Also there’s already a start on a dtable in dagger: Dagger.jl/dtable.jl at e6b3cdca6a50b983a51250fd479dfae17f7944a6 · JuliaParallel/Dagger.jl · GitHub

Another question, is DF even the right abstraction? Should there be something from a higher level structured loop/op representation like from one of those above packages, that sits on Tables.jl?

And dagger would be an execution backend or a middle IR.

Edit: Sorry, was a bit hasty with my reply and missed some of the comments from @jpsamaroo and @vchuravy who made some similar points.

IMO there are two prominent ways we can really improve over Dask with these expression DSLs and and tables.jl. One as @viralbshah mentioned was a , consolidated codebase. A second is not having a limited “blessed” api with a hard abstraction barrier.

The cool thing about DF.jl is that you can just loop over vectors and manipulate things manually. With Dask, the methods are hardcoded DAG + in memory dataframes chunking, or maybe composing some higher level ops. If we have an expression frontend that’s smart enough to compile parallel/distributed/ GPU code for different kinds of tables, users can reach out and touch the data structure instead of being limited to chaining pre-canned operations.

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Jumping in here to strongly second the point about Dask in particular. As simple and elegant as the partitioning model is in theory, in practice I’ve found Dask’s implementation to be an extremely leaky abstraction. Stare at it funny, and the runtime will decide to run everything serially or materialize all of your data anyways. Hopefully DTable does not experience the same pathologies, but I’ll have to claim ignorance there :slight_smile:

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This is essentially what I discussed in [ANN] Folds.jl: threaded, distributed, and GPU-based high-level data-parallel interface for Julia and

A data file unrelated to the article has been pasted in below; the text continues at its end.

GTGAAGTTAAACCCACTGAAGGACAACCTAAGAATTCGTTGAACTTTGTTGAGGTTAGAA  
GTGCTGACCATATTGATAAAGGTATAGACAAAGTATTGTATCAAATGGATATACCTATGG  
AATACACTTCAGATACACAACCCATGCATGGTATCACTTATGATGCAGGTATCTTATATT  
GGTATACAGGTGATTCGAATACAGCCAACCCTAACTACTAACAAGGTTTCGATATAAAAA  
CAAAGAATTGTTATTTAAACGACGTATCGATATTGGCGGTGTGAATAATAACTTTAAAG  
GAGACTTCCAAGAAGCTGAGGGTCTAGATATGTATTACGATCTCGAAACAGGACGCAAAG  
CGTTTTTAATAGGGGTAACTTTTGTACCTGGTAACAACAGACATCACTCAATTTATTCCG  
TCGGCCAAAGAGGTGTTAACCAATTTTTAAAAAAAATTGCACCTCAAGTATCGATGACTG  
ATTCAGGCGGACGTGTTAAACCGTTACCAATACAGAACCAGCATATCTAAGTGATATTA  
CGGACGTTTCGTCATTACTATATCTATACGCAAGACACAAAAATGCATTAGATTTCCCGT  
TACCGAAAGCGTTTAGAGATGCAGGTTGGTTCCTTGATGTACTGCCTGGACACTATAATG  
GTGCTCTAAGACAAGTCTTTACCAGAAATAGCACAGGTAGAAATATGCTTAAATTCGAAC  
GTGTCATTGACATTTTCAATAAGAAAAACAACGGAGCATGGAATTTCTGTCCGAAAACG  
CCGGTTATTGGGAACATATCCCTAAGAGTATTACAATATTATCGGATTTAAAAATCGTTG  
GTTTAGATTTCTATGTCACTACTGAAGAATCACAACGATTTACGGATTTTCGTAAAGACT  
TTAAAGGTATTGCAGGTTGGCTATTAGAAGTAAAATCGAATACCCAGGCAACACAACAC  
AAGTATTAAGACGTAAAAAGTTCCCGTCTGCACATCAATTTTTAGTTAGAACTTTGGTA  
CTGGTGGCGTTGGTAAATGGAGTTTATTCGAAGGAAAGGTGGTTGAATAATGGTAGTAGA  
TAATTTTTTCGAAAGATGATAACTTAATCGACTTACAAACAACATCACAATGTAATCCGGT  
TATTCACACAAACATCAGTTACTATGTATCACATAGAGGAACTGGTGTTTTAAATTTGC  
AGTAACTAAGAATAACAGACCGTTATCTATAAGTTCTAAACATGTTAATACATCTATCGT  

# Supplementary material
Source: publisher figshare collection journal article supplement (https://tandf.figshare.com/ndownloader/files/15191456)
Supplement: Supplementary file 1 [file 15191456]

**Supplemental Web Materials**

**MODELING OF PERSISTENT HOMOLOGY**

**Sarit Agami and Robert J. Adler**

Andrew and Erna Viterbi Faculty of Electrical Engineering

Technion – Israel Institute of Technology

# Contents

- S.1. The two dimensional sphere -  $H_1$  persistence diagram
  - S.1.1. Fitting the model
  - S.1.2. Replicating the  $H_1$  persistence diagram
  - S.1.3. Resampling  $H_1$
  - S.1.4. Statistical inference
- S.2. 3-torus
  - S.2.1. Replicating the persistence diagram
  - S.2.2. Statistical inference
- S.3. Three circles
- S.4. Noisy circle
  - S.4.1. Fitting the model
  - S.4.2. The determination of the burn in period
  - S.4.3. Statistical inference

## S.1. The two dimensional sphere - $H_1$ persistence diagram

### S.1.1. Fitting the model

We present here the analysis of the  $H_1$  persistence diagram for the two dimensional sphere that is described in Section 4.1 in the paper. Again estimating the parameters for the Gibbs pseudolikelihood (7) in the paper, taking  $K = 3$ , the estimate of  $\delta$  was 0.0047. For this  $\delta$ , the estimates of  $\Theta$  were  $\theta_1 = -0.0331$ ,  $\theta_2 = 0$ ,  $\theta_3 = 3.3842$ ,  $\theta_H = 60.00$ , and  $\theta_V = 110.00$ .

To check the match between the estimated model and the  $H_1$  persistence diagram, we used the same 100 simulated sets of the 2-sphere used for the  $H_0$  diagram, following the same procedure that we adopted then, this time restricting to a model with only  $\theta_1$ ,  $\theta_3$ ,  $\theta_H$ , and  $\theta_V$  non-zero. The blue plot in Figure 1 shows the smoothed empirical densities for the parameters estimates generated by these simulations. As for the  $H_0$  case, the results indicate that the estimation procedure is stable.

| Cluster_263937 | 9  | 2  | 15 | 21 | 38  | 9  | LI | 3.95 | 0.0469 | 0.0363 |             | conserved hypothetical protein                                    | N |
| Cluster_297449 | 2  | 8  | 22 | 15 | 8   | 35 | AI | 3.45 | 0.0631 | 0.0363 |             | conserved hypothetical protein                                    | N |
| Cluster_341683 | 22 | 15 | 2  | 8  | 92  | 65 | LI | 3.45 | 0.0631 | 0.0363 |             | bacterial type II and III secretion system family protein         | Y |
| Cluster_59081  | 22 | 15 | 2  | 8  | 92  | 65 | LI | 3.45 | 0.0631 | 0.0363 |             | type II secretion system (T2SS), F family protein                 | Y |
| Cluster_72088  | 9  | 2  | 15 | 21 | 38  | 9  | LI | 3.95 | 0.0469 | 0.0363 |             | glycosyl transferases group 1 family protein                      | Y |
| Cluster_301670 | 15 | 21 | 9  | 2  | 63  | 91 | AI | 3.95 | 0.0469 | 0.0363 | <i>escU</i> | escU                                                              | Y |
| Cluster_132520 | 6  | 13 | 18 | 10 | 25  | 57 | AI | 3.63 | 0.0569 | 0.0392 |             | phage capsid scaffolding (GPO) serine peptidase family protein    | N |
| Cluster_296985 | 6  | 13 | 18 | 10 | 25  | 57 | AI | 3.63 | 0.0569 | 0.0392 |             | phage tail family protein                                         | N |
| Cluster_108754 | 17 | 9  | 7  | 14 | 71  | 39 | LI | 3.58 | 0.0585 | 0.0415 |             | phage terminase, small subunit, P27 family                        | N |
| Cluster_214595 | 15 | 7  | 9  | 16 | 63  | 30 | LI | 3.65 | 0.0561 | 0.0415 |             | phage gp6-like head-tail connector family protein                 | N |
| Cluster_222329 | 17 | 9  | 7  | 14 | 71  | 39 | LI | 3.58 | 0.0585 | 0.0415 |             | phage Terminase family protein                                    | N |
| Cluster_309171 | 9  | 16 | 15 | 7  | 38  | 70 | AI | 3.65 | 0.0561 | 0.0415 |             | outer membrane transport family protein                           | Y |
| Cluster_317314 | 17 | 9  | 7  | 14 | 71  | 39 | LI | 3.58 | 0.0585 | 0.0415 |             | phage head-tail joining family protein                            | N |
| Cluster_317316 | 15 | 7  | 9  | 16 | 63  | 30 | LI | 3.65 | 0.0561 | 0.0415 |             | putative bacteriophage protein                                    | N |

KernelAbstractions and Dagger are great in that they are very flexible and generic. But having more higher-level structured representation helps for lowering to target-specific programs. As always, adding more constraints can help for encoding structures of your code which then can be exploited by the underlying framework for performance and composability.

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I think scaling to about 10x is still doable. Especially with new tech like 3D XPoint drives becoming more common. For example, I have played with the Fannie Mae data (200G in CSV format) and can manipulate it using {disk.frame} in R which works on the principle of splitting up the data into smaller files and using multiple process to process the same file.

Beyond that size, you are probably better off with a cluster based approach, but cluster based should be a last resort. Most companies don’t need a spark but they end up paying the spark tax just so they can say “big data”.

Yeah. I had done a quick study of the possibility of doing this with groupby. There’s a part of the groupby code that materialized an index in memory. This may not fit well with out-of-core datasets. See my research notes.

So for groupby to do that it might need to make that part of the code generic, which can add pressures to readability and maintainability. For now, I think it’s a case of let hundred flowers boom and let people try out multiple approaches. I am keen to try Dagger.DTable soon.

Huge fan of DataFrames.jl—I think it’s much more ergonomic than eg Pandas.

I sometimes see Database-like ops benchmark mentioned when folks compare R and Julia, and it seems like in most cases DF.jl stacks up well, but does OOM more frequently on certain benchmarks. Perhaps focusing on memory footprint would be a useful intermediate step towards supporting larger and larger data sizes?

Also interesting to see how poorly Dask does from a performance standpoint